Church groups in Australia have been engaged in a gruelling campaign to maintain what they regard as justifiable exemptions from the provisions of equal opportunity employment laws. They want to maintain the ethos of their educational institutions and remain true to their teachings on questions such as family relationships. Cardinal Pell makes the point nicely:
Should the Greens have the right to prefer to employ people who believe in climate change, or should they be forced to employ sceptics? Should Amnesty International have the right to prefer members who are committed to human rights, or should they be forced to accept those who admire dictatorships? Both cases involve discrimination and limiting the freedoms of others, and without it neither organisation would be able to maintain their identity or do their job effectively. Church agencies and schools are not exempt from anti-discrimination law in New South Wales, and the language of ‘exemptions’ is misleading.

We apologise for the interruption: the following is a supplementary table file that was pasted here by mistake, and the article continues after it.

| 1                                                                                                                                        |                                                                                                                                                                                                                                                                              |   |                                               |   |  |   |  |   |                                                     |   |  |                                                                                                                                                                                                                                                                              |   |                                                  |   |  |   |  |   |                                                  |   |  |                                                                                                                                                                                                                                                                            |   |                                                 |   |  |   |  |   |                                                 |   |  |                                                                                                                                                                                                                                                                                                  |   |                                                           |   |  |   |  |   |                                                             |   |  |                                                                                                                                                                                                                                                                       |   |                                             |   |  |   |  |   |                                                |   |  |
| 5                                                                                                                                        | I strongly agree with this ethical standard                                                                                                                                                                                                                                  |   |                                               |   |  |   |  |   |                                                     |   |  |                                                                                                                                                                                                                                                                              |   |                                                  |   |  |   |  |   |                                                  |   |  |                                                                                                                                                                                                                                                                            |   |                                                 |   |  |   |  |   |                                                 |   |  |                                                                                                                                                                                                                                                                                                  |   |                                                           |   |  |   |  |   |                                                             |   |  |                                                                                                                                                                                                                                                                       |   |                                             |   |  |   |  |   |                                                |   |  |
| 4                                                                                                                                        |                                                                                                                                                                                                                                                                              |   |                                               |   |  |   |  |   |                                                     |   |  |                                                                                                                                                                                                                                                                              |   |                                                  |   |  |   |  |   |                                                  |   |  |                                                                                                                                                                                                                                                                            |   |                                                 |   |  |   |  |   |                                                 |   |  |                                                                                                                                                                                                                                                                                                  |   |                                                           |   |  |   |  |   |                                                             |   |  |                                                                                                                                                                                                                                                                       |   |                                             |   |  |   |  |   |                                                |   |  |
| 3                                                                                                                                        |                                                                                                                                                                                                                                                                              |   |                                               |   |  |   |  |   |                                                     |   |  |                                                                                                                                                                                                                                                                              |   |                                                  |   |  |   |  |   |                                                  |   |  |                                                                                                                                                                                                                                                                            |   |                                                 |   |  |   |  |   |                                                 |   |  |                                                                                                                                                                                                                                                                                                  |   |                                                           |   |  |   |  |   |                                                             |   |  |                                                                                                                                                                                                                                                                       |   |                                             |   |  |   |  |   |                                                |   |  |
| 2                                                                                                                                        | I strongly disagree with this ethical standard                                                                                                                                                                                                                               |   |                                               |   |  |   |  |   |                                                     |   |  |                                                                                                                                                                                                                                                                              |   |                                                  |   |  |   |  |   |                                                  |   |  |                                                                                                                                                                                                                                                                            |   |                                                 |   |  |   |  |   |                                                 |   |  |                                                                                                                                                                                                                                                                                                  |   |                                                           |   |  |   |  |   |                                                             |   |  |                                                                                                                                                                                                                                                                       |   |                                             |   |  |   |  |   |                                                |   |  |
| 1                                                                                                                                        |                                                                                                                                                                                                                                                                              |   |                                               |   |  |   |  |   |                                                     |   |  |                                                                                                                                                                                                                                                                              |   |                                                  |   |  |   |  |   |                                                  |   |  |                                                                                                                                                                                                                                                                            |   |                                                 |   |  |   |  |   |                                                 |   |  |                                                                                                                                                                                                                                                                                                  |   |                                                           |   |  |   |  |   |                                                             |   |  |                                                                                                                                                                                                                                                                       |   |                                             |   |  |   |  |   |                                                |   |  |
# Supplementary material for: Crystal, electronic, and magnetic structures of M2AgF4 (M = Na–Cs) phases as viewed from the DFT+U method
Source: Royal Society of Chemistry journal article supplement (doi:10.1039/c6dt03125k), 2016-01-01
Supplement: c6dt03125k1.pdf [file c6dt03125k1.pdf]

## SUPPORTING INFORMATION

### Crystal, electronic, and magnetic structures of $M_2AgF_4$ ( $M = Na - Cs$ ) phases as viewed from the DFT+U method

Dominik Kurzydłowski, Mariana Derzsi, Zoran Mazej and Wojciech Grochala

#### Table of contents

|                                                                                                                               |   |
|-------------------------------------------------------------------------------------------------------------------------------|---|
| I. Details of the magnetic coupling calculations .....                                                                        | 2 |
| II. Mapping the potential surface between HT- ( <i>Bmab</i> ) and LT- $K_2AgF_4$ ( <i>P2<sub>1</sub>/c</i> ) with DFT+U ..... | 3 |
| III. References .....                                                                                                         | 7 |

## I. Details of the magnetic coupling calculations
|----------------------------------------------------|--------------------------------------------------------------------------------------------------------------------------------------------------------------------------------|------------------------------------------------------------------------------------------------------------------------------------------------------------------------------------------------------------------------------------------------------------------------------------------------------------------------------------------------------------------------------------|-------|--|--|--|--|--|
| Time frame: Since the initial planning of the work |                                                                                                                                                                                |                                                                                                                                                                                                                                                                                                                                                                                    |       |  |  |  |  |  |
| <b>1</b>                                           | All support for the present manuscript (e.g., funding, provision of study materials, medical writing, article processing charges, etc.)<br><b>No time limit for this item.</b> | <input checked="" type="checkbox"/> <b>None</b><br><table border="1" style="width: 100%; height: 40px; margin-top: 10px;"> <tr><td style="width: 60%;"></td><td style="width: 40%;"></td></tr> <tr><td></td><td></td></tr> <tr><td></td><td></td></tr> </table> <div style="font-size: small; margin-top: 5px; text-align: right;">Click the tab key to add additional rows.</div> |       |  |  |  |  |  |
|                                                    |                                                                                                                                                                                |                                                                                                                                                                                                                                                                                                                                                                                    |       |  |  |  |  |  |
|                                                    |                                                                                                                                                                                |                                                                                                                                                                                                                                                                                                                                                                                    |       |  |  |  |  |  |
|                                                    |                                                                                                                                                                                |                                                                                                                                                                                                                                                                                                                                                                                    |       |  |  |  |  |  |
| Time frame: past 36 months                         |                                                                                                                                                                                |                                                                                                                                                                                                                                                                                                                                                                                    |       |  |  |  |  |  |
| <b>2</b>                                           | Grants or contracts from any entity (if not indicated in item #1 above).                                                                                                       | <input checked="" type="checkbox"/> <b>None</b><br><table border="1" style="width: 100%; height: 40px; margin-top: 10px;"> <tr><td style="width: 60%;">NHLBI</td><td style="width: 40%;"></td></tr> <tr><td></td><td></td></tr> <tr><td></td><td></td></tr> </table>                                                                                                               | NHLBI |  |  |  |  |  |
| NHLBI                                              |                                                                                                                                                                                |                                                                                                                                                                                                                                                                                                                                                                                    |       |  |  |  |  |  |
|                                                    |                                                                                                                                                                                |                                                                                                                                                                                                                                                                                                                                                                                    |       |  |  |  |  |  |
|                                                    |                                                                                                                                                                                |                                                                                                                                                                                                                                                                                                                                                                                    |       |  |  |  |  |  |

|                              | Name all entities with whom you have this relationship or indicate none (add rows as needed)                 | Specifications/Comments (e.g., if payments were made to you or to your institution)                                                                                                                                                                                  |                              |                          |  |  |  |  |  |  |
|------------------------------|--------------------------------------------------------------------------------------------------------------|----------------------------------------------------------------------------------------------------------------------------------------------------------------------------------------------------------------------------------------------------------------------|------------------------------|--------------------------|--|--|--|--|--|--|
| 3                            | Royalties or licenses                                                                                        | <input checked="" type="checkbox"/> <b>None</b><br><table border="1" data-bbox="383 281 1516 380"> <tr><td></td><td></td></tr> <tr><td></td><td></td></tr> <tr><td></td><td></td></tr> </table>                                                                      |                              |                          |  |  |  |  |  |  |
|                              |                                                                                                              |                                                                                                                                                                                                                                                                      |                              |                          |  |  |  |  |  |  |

While there may be strong agreement about the need to maintain a faith community’s right to employ in certain positions only persons who live in conformity with religious teaching, there is plenty of room for disagreement as to how most prudently and charitably to exercise that right.
It is not only secularist, anti-Church people who think that Church organisations and leaders would be displaying homophobia by singling out only gays and lesbians for exclusion from employment in some key positions when heterosexual persons are also living in what the Church might formally regard as irregular situations.